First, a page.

The LAPA (LoYAC Academy of Performing Arts) dancers and musicians were featured in Kuwait’s first flash mob today at Avenues Mall sponsored by Zain. Check it out!
LoYACY is now available online as a PDF version! You can read it here:
LoYACY 4th issue or click the cover below:
For a while now, many foreigners have been asking us Kuwaitis why the Arab Spring has not reached Kuwait – and doesn’t look like it’s going to. The answer has been one and the same: because we’re living the dream. We have malls with all the clothes we could desire, restaurants to fill our mouths with food to keep us fat and quiet, jobs that pay us to do nothing, universities that accept and nurture students with zero ambition, public schools that only require you to do well on exams, and extravagant cars that don’t get stolen or vandalized when we park them outside our homes – something very rare, since this hardly EVER happens in other countries. Many of my teachers still express their surprise over how secure our cars are.
But, the dream is going to die very soon, when Kuwait will have to find an alternative for oil. And from the looks of things, no one has a back up plan yet. No one is even considering a back up plan. No one is thinking long term. Not even the Kuwaiti men and women running for Parliament right now. Everyone is thinking short term instead.
If we were to come up with a long-term plan to improve Kuwait’s future rather than sustain this materialistic, meaningless abyss everyone loves so much, then the key parts are social development and education. Socially speaking, our society is still living in the stone age, where you’re judged according to who your ancestors are. You don’t defy the ‘alpha male’ of your family. MP’s beat each other up at the parliament and disgrace the entire nation. Human rights are violated on a daily basis, citizens robbed of their right to freedom of speech, religion, sexuality, political views, and marriage.
I think that for the Arab Spring to reach Kuwait, it’s the youth that needs to make it happen. The hard part is actually getting them to wake up and realize that the dream they’re living in isn’t what reality is actually like. It’s a world that was created to keep them quiet and away from ‘trouble’ – i.e. freedom. It still baffles me that this is enough for them, that they’re satisfied with shopping and eating and tanning their lives away. It’s no coincidence that that’s all there is to do in Kuwait. Dumbing an entire nation down is a process that requires careful thought and precision. First you start with the education. You make sure that all the modern, revolutionary ideas of the evil West are not incorporated into their academic studies. Then you make sure that the language of those evil ideas isn’t taught well enough for the students to be able to go out and explore those ideas; that way, they won’t pick up a book that tells them all about oppressive regimes and their cunning ways. 😉 They won’t do that because, 1) they don’t understand the language well enough. 2) they don’t like reading. If you create an entire generation of people who hate books and who groaned their way through English class, a class that was supposed to teach them to be fluent speakers, writers, and readers of a universal language that could be their gateway to knowledge and enlightenment, then you are essentially creating slaves who will submit to your laws and rules without complaint.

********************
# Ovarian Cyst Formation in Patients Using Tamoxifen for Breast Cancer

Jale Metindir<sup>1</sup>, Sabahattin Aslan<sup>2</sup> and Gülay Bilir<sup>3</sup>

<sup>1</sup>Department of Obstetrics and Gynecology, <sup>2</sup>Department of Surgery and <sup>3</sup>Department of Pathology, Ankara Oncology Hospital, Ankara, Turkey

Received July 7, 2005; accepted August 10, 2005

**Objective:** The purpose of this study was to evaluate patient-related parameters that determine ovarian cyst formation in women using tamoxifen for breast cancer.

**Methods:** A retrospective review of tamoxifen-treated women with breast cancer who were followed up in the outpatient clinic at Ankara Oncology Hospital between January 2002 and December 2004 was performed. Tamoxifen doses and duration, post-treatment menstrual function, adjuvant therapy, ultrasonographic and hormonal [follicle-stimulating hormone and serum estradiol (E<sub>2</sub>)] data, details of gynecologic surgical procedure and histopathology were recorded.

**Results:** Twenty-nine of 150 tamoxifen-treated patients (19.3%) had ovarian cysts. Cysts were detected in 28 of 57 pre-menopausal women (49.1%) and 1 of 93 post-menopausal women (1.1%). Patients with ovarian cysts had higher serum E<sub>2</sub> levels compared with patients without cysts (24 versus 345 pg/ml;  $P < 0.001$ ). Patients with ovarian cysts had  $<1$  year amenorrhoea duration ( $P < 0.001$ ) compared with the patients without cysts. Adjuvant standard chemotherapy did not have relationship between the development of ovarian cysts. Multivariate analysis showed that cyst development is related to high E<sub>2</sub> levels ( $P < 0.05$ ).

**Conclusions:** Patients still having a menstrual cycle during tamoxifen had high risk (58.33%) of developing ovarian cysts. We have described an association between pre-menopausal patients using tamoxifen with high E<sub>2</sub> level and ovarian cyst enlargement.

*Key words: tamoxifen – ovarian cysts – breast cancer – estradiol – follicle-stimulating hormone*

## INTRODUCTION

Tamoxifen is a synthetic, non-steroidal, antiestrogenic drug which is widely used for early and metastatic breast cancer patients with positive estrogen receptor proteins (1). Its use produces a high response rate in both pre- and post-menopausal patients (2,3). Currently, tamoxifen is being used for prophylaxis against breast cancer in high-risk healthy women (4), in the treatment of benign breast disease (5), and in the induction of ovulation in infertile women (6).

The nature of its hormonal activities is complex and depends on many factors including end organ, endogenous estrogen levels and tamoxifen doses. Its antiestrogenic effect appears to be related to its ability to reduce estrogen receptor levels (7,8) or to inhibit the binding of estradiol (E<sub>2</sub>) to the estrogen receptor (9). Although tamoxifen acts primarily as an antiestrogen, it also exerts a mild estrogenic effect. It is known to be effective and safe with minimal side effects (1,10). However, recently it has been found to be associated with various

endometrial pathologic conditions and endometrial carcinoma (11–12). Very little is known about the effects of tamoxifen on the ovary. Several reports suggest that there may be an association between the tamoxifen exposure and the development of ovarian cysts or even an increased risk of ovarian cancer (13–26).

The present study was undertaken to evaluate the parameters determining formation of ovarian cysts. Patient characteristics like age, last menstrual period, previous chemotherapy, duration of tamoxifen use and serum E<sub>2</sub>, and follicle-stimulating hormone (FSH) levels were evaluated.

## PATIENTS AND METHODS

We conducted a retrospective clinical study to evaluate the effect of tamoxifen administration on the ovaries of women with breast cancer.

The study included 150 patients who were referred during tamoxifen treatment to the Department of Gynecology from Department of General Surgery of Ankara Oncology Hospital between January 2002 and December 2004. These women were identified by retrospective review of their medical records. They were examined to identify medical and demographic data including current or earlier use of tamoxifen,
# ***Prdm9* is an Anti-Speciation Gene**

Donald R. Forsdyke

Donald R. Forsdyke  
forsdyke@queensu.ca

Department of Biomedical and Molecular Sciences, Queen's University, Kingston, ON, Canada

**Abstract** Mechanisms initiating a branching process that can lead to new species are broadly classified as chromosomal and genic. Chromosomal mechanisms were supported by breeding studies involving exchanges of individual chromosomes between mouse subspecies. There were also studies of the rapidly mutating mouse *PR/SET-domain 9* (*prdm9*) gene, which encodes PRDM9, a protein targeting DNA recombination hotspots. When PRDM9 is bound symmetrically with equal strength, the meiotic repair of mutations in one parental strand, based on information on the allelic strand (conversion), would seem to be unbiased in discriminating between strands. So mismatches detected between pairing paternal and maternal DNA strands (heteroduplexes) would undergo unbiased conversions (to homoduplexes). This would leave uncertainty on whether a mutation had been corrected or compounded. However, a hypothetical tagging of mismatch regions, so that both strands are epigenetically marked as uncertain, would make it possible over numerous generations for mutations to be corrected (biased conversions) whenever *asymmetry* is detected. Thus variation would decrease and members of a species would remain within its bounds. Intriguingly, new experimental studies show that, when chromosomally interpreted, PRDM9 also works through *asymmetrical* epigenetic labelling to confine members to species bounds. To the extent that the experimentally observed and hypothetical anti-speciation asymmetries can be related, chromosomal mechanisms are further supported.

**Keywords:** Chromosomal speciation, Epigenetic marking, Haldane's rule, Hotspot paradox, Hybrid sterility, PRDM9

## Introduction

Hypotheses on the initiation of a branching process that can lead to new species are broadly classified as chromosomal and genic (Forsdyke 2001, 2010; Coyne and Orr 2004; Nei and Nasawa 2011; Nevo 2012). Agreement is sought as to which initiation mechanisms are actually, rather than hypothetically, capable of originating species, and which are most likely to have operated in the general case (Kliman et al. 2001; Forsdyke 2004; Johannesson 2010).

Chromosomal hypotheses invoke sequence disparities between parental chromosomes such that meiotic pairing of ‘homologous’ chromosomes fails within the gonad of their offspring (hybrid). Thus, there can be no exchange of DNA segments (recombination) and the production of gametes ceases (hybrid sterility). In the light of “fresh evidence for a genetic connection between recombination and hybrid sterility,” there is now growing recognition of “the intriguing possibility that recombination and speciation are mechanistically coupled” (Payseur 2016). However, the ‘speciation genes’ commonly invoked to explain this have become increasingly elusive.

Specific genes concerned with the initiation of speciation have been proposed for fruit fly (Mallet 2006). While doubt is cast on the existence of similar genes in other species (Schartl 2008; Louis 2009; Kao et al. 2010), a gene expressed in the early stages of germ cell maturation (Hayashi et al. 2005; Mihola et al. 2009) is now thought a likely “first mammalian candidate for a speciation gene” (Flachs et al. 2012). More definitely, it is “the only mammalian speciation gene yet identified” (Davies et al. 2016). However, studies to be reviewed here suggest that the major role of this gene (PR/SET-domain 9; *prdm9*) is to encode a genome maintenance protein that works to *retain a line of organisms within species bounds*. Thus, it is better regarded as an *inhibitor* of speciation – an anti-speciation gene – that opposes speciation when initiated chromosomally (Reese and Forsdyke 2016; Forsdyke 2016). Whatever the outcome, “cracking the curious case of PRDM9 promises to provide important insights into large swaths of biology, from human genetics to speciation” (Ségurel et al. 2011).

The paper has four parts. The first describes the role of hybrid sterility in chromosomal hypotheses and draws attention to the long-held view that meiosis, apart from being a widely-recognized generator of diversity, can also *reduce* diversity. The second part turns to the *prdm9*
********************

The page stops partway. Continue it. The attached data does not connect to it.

Then you show them what their boundaries are by making examples of other people. You use the media to your advantage. You arrest writers. You censor magazines, newspapers, and movies. You ban books. You make TV shows that encourage the mistreatment of domestic workers, that demean the importance of treating your partner properly, that glorify disrespecting women, and tell girls that the only way to ‘be beautiful’ is to objectify yourself – by Kuwaiti media standards, that means dress in really tight clothes, rub your face in a ton of make up, and make your voice about ten pitches higher than what it naturally is.
Then you create laws that tell them there’s no escape, but you don’t make it obvious. You make it seem like a good thing. You tell the women that they’re never allowed to marry a man without daddy’s approval, even if they’re 40 year old well-known professors. Then you narrow it down even more. You try to avoid intercultural marriages by telling those women that if they marry a non-Kuwaiti, you will guarantee them and their children a crappy future. Then you move on to the Kuwaiti marriages. In that case, it’s the family who instills those values within their children’s minds. They’re taught not to fall in love with someone who’s from a different religious sect – because you don’t need to worry about them falling in love with someone who’s from a different religion. Then you emphasize the glory of your own ethnic background, so that way they look down on other backgrounds enough to find them unappealing, thus ensuring that they won’t fall in love with an ‘outsider’. Of course, this is all if they fall in love.
If they’re allowed to fall in love, I should say. This is all assuming that the family in question is one that’s not a big fan of arranged marriages, of hooking up strangers and hoping for the best. It drives me insane because I’ve heard too many stories of couples who genuinely loved each other and couldn’t get married because their families didn’t approve – and, legally, that’s exactly what was supposed to happen. A ‘bad’ marriage was prevented because the parents were an obstacle that the couple could not overcome.
There’s the question of whether or not you’re allowed to fall in love, and there’s the bigger question of whether or not you’re allowed to learn. University is one of the biggest ‘decisions’ a person is supposed to make. But when your options are narrowed down to AUK, KU, and GUST, you don’t have much to look forward to. If you talk to high school Kuwaiti students who are considering one of those three universities, most of them will tell you they’re having a hard time deciding because “they all have such nice campuses”. The education level is hardly ever taken into consideration if we’re talking about a typical Kuwaiti high school student. The other day I was actually surprised to hear one of my peers saying that she had ruled out one of those three universities because “girls smoke in public there!” so the princess felt like she wouldn’t be comfortable there.